Virtual Reality has become a hit during the pandemic

Virtual Reality has become a hit during the pandemic

Virtual travel experiences have now become more accessible and affordable than ever with the new apps and VR hardware that have sparked a fresh interest to the public during the pandemic due to strict lockdowns and travel limitations.

Even those confined to their homes can take a tour to Machu Picchu, the rainforests of Borneo, or a road trip across the United States virtually in a convertible.

Since the pandemic hit, developers saw a surge of interest in VR travel even though data about it is limited.

"It has been skyrocketing," said Cezara Windrem, creator of the Alcove VR platform at AARP Innovation Labs. "We're getting more adoption every month."

Alcove enables users to visit exotic locales such as Australia's coral reef or the island of Malta while adding a "shared" experience that enables people to interact and even "lead" a family member without the technical skills to navigate in a VR headset.

"We’ve heard from a lot of people who discovered Alcove and decided to buy a headset for their elderly family members," Windrem said.

With this, one can experience shared travel even amidst a lockdown and other forms of experiences as well like  "playing chess with someone on the other side of the planet."

Travel substitute, complement

Virtual reality has emerged as both a substitute for real-world travel and a complement to help people plan their next trip while the tourism industry is down because of the coronavirus outbreak.

App developers have created a range of travel experiences that came from commercial operators or organizations such as National Geographic or World Wildlife Fund such as touring the pyramids of Egypt, the Taj Mahal, the savannahs of Kenya, or the Antarctic from a kayak.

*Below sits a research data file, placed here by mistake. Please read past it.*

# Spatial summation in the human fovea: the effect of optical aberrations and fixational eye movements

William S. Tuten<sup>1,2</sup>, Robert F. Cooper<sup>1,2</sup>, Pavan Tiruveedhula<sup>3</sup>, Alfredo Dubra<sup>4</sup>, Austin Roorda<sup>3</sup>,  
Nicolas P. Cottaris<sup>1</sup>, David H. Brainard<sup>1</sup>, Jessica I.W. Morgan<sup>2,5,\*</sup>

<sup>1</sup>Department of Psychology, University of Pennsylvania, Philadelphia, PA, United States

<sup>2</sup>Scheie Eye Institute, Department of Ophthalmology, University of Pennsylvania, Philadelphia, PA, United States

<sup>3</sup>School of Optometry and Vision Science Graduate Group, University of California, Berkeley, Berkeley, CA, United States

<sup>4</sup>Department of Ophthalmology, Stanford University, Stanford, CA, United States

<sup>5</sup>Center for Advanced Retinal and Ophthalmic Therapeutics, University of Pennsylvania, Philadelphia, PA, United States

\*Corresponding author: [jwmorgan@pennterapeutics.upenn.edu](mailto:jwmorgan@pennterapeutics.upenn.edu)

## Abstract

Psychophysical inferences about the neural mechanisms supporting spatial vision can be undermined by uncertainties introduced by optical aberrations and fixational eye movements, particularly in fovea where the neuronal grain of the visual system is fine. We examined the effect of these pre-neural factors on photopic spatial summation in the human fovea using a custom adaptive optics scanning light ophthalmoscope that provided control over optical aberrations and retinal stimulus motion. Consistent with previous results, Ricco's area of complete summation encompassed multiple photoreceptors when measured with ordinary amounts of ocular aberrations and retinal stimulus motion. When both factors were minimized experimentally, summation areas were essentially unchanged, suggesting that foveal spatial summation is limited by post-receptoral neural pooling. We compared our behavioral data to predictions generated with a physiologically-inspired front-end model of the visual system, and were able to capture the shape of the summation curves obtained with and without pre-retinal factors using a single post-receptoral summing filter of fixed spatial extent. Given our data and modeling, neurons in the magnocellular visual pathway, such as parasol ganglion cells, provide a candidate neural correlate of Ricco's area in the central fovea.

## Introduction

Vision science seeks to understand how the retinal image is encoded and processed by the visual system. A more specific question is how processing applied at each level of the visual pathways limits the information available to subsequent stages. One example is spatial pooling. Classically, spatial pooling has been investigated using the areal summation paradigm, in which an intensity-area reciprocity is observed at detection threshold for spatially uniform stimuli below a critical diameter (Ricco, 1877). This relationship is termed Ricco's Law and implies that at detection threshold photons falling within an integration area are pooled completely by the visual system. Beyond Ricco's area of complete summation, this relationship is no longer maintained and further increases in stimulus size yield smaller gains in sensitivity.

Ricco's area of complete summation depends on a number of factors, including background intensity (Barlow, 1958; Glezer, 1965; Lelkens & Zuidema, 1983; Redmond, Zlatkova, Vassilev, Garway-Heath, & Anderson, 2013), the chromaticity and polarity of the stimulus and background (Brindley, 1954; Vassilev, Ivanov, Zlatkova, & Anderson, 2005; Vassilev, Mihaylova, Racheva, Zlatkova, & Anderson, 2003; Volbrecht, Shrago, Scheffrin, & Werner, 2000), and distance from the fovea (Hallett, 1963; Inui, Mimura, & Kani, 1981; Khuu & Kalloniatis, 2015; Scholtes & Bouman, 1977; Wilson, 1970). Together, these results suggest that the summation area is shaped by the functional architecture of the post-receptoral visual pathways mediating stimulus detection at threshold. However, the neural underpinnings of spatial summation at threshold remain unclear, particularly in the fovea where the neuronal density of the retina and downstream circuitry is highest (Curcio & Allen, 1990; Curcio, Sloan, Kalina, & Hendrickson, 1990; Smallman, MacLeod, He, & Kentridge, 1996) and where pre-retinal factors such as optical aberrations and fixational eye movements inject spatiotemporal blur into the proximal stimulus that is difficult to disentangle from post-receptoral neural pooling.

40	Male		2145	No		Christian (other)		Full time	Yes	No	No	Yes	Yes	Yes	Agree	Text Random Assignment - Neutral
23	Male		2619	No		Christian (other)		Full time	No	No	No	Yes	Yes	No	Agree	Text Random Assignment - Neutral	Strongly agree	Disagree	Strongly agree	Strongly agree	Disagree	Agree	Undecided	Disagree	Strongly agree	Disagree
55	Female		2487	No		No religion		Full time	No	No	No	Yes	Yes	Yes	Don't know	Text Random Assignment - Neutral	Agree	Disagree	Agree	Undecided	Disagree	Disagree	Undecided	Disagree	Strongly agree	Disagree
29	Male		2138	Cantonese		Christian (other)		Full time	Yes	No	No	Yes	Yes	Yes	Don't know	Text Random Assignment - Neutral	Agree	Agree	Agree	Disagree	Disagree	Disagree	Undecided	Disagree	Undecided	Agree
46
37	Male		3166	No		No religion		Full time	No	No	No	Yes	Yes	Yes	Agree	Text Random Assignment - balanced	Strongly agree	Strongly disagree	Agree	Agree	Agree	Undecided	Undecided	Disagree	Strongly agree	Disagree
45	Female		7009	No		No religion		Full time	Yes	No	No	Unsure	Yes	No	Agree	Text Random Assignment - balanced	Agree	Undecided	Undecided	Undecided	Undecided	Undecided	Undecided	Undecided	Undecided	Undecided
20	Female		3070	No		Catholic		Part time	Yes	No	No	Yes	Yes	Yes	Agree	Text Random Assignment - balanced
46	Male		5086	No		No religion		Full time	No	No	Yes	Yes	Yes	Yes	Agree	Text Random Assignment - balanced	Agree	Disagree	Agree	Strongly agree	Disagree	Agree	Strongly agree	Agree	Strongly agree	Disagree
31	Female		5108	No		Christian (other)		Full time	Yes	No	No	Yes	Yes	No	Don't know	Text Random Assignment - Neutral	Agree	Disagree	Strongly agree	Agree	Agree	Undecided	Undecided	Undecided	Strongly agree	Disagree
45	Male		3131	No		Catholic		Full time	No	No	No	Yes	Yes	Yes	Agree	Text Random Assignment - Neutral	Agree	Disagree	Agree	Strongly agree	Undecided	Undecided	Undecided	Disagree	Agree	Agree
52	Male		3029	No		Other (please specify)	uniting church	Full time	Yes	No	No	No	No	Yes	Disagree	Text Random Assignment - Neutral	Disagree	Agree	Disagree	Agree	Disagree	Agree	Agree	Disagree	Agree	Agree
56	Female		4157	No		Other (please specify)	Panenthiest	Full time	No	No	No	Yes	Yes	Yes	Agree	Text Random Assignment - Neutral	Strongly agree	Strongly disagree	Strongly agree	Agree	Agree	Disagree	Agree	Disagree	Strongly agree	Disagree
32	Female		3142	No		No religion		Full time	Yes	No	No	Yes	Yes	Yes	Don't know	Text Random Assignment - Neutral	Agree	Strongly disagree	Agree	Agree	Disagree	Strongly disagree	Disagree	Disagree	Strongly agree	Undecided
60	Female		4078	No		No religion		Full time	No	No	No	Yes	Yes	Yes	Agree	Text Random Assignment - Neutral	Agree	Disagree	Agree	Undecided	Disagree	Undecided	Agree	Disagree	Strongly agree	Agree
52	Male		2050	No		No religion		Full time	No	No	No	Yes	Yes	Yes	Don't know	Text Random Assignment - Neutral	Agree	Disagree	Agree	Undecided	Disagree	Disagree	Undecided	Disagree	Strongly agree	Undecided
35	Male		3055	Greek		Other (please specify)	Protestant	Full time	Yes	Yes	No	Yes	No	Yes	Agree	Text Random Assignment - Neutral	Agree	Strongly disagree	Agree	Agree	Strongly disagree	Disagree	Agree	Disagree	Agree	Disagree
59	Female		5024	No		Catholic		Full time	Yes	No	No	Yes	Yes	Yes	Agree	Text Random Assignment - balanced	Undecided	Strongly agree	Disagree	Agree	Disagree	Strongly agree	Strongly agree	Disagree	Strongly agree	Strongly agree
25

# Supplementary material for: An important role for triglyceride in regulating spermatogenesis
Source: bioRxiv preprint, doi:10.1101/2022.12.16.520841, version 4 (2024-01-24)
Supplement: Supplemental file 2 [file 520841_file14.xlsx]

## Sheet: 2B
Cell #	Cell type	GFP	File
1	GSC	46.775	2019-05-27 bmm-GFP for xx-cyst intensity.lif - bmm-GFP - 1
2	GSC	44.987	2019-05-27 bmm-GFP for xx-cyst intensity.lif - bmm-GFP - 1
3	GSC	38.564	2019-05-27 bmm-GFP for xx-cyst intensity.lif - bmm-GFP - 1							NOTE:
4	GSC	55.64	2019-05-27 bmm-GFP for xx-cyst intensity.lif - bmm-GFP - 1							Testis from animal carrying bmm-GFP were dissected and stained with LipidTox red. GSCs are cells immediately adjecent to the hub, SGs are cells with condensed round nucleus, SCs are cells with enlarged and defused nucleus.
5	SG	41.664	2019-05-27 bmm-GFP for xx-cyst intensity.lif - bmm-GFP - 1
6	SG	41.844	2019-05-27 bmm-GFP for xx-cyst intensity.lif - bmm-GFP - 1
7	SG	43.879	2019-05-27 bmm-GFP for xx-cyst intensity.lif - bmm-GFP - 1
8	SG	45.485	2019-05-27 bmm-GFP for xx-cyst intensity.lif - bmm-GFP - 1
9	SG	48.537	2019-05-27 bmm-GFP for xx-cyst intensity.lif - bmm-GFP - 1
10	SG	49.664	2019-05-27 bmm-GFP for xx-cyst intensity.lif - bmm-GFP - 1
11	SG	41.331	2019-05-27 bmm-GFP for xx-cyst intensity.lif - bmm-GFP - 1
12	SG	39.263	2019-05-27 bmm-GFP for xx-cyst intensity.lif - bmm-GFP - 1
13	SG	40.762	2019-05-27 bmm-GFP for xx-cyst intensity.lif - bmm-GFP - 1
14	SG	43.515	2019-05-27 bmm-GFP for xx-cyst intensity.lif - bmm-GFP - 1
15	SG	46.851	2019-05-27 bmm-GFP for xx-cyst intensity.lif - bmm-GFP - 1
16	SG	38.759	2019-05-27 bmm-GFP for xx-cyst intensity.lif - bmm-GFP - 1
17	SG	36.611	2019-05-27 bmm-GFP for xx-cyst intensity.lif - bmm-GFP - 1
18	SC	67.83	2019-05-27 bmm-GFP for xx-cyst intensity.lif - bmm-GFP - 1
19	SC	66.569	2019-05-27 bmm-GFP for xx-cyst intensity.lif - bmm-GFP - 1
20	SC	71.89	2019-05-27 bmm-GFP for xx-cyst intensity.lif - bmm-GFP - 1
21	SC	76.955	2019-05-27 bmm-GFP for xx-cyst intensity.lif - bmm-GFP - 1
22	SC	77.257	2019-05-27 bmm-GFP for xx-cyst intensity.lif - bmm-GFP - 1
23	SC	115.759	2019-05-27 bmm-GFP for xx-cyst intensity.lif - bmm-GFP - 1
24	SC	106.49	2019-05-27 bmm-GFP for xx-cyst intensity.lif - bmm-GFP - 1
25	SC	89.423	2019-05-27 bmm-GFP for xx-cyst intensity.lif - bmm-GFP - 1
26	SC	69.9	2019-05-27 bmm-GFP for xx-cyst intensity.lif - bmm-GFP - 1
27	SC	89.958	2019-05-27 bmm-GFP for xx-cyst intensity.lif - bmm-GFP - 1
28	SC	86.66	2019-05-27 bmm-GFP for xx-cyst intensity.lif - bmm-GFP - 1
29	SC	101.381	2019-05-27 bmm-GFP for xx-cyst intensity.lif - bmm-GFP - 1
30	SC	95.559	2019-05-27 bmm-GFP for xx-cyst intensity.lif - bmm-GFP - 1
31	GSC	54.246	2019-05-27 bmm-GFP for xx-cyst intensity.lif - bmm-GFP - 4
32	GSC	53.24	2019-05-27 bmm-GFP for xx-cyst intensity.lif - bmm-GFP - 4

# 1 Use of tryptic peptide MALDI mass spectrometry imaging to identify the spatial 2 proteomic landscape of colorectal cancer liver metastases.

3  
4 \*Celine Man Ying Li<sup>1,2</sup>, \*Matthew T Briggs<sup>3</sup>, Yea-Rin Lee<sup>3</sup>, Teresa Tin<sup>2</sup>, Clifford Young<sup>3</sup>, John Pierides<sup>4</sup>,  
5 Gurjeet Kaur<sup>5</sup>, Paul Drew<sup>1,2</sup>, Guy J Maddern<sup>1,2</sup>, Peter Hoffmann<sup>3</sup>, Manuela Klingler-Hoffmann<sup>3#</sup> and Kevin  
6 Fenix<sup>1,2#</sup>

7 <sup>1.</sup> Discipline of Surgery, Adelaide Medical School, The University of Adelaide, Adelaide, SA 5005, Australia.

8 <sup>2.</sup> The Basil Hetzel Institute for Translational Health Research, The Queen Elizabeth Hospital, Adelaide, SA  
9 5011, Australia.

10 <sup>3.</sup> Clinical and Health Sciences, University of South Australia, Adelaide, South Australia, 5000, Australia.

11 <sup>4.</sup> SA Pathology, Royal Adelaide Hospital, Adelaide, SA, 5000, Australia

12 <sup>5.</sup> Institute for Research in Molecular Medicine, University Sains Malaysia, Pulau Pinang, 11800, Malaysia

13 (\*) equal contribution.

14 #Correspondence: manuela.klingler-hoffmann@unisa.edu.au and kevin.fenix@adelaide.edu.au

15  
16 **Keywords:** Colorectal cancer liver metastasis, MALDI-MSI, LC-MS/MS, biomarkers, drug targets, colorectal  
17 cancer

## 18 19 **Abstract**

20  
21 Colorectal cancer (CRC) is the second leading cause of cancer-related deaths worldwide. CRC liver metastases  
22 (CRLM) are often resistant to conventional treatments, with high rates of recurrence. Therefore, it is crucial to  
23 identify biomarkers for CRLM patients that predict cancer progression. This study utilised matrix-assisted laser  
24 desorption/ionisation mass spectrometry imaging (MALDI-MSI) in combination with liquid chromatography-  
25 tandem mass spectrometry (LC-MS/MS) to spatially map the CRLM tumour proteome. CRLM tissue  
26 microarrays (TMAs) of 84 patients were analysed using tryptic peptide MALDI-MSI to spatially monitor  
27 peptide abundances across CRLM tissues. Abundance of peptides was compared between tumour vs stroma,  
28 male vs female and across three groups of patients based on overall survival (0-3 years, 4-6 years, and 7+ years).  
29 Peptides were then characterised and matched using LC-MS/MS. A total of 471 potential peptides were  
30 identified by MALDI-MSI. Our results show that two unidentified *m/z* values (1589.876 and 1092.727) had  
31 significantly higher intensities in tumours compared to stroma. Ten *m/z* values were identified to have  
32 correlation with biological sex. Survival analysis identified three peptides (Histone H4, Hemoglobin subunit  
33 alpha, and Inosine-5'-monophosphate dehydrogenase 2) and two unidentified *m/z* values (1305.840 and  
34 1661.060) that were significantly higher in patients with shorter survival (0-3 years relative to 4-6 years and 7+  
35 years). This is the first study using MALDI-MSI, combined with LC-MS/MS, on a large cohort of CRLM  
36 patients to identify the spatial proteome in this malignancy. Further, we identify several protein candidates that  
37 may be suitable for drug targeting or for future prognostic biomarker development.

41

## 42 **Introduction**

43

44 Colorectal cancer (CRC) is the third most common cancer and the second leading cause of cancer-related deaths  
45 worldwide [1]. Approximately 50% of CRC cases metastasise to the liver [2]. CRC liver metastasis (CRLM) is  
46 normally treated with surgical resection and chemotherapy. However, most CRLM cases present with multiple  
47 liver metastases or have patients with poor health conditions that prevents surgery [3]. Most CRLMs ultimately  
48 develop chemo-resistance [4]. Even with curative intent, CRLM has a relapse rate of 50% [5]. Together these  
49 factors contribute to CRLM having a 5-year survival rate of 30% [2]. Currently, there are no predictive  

Some gear costs as little as $300 and many apps are free. Users can opt for hardware from Facebook's Oculus, Sony's PlayStation, or the inexpensive Google Cardboard, among others.

"I have traveled every week since the pandemic, from the comfort of my home," said Rafael Cortes, a San Antonio computer professional who uses Alcove and YouTube VR.

"I've been to London, the glass bridge in China, Angel Falls in Venezuela, the ancient city of Petra in Jordan, a helicopter tour of New York."

Gaming and beyond

Travel is seen as a new growth vector in the world of virtual reality which is usually a hit in the fields of fantasy worlds and gaming.

"During the pandemic when everyone is socially isolated it may seem strange to isolate yourself further to transport yourself somewhere else but it does allow us to experience things we can’t experience today," said Avi Greengart, an analyst with the consultancy Techsponential.

Though VR travel has some advantages Greengart said it can't be compared with the real thing.

"With VR travel you're not getting the food unique to the area, you're missing a lot of the sensory experiences and serendipitous meetings with locals," he said.

On the other hand, "you can browse a museum and have it all to yourself," which may be impossible in the physical world.

Even before the pandemic, a report by research firm GlobalData revealed that virtual and augmented reality had already been gaining momentum from travel operators and tourism boards to help enable people to get a taste of a destination before going there.

GlobalData analyst Ralph Hollister said the pandemic may be giving the sector a lift that will endure even after the pandemic.

"Spending considerably more time indoors with an abundance of spare time, combined with an urge to travel, has meant that aspiring travelers have been turning to VR to fill a void that travel restrictions have left," Hollister said.

Hollister said he sees VR becoming an important part of the process of travelers viewing and selecting a travel destination.

"The widespread adoption of VR for this kind of purpose could be the next step for this technology and help it permanently move away from its ‘gimmick’ label,” he said.

Source: ABS CBN News

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